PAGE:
A failed PhD candidate who rejected a £1,000 compensation offer after Keele University admitted that its mistakes had contributed to the collapse of his studies will be one of the first students to take his case to the new higher education complaints ombudsman.
Andrew Terry, 49, who is registered blind, accused Keele of poor supervision and procedural errors. Keele's visitor Baroness Amos is to refer Mr Terry's case to the watchdog, which was set up in March.
Like most other university visitors, the baroness, who is also Lord President of the Privy Council joined the ombudsman scheme voluntarily.
In an internal review of the case in 2001, Keele accepted that it had admitted Mr Terry to its psychology department, apparently in breach of its procedures, when he had no academic grounding in the discipline.
It also accepted that he had been subjected to "an atmosphere of alienation and hostility" from the outset, which had hampered his progress, and that he had been removed from the department in breach of university procedures.
But Keele did not uphold Mr Terry's complaint of poor supervision and offered him £1,000 as an ex gratia payment in full and final settlement of any claim that he may have against the university.
Mr Terry was formally withdrawn from Keele in May 2001 when procedures were again breached. His department failed to review upgrade documents that he had been asked to produce and did not, as required, give any formal warning before his withdrawal.
In a letter to Mr Terry, whose marriage broke down during the period of his studies, Hilary Hurd, chair of the research committee, said: "While your substantive complaint about poor supervision was not upheld, the committee... genuinely regrets that any inadequacies of process and procedures within the university and the department should have in some measure added to your difficulties and exacerbated your distress."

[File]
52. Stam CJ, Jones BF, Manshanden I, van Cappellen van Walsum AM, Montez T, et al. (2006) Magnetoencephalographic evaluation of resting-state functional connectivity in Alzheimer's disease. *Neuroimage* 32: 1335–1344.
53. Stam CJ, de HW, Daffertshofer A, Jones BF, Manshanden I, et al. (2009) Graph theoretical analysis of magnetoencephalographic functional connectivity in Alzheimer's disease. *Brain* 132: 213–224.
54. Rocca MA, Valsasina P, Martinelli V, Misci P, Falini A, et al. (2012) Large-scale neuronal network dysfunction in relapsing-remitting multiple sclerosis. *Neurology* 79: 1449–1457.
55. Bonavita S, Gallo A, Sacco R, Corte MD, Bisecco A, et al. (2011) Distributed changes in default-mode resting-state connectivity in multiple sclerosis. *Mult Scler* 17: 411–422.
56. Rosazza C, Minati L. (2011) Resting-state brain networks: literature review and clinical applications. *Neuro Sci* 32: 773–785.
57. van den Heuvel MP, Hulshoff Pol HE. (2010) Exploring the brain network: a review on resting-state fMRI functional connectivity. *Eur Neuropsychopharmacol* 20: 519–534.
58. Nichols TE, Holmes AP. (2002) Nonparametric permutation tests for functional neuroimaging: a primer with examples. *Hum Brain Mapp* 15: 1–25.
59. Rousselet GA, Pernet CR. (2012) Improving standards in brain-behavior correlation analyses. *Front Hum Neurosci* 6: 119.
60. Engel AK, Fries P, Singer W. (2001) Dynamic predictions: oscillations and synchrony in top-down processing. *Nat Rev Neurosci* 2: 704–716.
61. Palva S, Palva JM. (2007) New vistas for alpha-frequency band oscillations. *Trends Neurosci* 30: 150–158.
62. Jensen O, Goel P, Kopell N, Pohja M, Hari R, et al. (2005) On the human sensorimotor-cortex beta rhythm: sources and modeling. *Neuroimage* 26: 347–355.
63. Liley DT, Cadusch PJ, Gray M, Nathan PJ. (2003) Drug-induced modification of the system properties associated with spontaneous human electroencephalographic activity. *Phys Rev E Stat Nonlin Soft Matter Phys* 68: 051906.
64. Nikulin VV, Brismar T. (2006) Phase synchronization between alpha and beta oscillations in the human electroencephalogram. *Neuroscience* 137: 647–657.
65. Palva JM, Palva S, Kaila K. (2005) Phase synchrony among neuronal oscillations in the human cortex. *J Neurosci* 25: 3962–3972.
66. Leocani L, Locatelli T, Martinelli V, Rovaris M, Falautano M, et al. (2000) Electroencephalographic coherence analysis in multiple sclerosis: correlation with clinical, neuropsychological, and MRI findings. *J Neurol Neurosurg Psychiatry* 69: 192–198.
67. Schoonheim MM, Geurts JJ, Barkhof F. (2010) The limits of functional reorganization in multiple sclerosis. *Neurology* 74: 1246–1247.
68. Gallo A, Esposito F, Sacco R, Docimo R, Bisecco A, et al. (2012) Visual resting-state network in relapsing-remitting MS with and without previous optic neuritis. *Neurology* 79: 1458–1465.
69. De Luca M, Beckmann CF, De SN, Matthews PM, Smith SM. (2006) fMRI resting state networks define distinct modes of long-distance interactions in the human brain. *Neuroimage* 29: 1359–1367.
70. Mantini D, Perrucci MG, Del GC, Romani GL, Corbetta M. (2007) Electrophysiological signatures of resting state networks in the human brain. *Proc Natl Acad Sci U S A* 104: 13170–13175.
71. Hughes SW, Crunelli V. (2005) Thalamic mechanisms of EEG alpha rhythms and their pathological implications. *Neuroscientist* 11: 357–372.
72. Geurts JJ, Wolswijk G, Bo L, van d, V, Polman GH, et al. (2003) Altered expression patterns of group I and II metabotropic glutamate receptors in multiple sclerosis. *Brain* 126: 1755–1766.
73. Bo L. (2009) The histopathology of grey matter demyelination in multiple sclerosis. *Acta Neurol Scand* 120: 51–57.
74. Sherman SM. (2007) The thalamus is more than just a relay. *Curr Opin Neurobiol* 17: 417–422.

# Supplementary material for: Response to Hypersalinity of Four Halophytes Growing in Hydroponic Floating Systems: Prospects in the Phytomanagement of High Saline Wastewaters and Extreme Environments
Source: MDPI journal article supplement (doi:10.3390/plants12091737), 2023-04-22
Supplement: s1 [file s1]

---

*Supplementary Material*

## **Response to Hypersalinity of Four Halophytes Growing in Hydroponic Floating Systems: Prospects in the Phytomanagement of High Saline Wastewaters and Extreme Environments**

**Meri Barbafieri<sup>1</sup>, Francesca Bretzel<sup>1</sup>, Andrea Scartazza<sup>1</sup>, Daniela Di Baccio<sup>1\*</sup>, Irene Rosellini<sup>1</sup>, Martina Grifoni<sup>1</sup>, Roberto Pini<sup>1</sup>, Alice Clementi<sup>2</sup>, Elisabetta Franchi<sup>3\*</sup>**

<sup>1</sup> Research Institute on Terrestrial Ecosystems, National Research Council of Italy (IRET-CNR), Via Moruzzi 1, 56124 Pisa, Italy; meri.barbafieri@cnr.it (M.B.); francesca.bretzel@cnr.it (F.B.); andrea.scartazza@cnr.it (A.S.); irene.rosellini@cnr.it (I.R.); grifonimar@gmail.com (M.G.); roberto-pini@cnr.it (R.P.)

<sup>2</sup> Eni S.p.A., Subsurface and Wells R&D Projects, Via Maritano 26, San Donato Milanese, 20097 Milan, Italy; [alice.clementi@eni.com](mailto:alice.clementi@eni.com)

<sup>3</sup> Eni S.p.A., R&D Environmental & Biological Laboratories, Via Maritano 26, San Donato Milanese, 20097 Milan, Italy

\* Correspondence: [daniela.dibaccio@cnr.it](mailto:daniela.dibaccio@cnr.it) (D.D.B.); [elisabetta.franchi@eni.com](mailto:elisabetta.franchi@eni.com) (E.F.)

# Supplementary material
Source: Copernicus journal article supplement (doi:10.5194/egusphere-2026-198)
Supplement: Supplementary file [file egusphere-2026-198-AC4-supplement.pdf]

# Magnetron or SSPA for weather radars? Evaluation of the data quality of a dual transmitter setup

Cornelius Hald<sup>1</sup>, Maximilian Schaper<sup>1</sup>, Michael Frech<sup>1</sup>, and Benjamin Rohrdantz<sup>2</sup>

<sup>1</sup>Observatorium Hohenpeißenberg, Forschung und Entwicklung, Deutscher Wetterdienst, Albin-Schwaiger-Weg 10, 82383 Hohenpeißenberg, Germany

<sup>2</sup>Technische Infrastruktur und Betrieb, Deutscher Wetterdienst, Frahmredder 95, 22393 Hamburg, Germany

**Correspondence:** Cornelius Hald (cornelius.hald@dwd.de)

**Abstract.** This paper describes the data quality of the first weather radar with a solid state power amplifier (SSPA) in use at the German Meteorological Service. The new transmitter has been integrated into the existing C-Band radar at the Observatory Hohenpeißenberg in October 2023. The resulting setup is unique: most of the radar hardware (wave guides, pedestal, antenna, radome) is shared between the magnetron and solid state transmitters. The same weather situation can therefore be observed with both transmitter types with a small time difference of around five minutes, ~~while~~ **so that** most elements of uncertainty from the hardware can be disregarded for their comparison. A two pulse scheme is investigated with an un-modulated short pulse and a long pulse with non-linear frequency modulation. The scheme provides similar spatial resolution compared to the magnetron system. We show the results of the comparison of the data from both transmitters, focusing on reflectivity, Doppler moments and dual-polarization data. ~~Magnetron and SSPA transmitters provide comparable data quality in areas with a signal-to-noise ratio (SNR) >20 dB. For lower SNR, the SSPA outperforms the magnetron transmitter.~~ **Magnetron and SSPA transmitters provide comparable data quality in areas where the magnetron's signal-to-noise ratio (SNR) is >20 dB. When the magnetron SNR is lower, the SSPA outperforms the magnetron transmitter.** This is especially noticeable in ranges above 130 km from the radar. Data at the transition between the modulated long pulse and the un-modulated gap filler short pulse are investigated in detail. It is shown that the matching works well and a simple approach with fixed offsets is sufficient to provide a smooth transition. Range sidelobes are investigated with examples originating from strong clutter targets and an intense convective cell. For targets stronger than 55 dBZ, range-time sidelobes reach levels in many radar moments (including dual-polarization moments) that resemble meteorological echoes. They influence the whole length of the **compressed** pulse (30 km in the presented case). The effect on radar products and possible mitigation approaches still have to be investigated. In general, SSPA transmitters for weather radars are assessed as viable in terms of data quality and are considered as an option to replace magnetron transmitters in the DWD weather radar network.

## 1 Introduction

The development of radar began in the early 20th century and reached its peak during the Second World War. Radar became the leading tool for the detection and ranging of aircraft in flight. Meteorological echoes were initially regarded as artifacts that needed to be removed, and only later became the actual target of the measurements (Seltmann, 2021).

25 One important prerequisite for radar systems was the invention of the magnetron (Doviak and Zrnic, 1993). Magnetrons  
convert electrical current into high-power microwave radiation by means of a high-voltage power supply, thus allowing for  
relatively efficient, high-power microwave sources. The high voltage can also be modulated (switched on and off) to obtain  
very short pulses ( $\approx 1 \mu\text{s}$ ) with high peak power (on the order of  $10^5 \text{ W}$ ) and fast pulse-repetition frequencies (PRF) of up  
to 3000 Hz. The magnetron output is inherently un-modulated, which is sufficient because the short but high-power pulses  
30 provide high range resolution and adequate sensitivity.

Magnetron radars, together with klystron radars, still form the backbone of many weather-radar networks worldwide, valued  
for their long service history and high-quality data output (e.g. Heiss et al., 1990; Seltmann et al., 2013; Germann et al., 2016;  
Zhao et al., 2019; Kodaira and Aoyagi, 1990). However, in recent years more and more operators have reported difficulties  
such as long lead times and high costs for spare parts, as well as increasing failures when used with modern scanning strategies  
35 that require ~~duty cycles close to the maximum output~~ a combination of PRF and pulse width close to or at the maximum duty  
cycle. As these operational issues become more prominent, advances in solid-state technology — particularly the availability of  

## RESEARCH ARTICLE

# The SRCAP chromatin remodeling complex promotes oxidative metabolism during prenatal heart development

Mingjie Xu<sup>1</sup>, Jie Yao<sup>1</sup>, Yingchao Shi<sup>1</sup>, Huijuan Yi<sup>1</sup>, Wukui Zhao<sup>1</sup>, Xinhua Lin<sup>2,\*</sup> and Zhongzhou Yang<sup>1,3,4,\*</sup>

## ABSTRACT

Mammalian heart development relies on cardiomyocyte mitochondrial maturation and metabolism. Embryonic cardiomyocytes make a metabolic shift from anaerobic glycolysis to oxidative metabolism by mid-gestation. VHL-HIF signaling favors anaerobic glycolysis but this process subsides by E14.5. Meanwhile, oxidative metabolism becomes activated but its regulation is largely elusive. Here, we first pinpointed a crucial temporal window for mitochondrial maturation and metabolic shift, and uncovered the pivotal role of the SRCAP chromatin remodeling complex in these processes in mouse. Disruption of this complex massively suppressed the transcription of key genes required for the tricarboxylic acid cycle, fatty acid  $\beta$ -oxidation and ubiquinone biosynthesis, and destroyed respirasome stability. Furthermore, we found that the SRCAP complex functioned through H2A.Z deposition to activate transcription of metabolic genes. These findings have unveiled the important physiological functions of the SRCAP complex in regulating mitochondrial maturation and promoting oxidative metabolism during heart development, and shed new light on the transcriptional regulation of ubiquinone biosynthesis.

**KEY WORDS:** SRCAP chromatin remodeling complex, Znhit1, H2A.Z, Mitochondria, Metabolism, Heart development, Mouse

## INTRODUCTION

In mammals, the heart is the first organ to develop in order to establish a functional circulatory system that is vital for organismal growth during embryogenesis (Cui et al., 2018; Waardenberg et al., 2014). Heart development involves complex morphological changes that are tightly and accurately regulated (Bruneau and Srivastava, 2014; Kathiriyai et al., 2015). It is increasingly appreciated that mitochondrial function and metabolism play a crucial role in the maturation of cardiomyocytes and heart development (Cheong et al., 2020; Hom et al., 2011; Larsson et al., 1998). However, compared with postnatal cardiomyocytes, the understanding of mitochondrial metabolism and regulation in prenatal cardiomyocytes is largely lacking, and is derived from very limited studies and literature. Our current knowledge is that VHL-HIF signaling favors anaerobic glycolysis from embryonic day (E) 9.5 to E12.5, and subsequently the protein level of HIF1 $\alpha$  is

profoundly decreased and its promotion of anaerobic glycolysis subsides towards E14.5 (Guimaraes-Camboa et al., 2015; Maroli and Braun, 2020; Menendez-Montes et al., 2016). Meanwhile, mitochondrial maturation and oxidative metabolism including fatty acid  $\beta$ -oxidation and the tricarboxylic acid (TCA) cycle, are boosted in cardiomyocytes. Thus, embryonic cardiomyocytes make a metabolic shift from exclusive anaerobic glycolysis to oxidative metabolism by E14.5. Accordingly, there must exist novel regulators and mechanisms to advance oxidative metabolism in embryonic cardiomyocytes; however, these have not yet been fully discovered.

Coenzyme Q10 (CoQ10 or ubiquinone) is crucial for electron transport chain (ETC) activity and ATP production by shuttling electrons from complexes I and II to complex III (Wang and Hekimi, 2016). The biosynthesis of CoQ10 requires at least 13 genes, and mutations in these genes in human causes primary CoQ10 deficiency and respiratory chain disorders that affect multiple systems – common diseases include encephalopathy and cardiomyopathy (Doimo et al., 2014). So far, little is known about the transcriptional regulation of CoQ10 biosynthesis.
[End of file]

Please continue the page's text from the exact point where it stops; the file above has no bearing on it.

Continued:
The research degrees committee ordered a reassessment of Mr Terry's work as a result of the original procedural errors, but the decision to withdraw him was reconfirmed.
Mr Terry filed a fresh, detailed complaint and, in January 2003, David Vincent, the deputy vice-chancellor, completed a new review.
He said he "found no grounds for disturbing the judgements made by the report of the research degrees committee".
Mr Terry told The Times Higher : "I haven't had any work since this dreadful mess began, and the very good chance of getting a PhD and thus employment has been denied me," he said.
"My research project is now terminated, and others have begun to take up the topic."
A spokesman for Keele said: "The university confirms that it has twice investigated complaints made by Mr Andrew Terry. On both occasions, the investigations were careful and exhaustive.
"The visitor has not informed the university that a case has been submitted by Mr Terry, and, therefore, we are unable to offer further comment."
The ancient visitor system will be abolished if the higher education bill, which is currently in the House of Lords, becomes law. At that point, the voluntary ombudsman will be given full legal status as the Office of the Independent Adjudicator.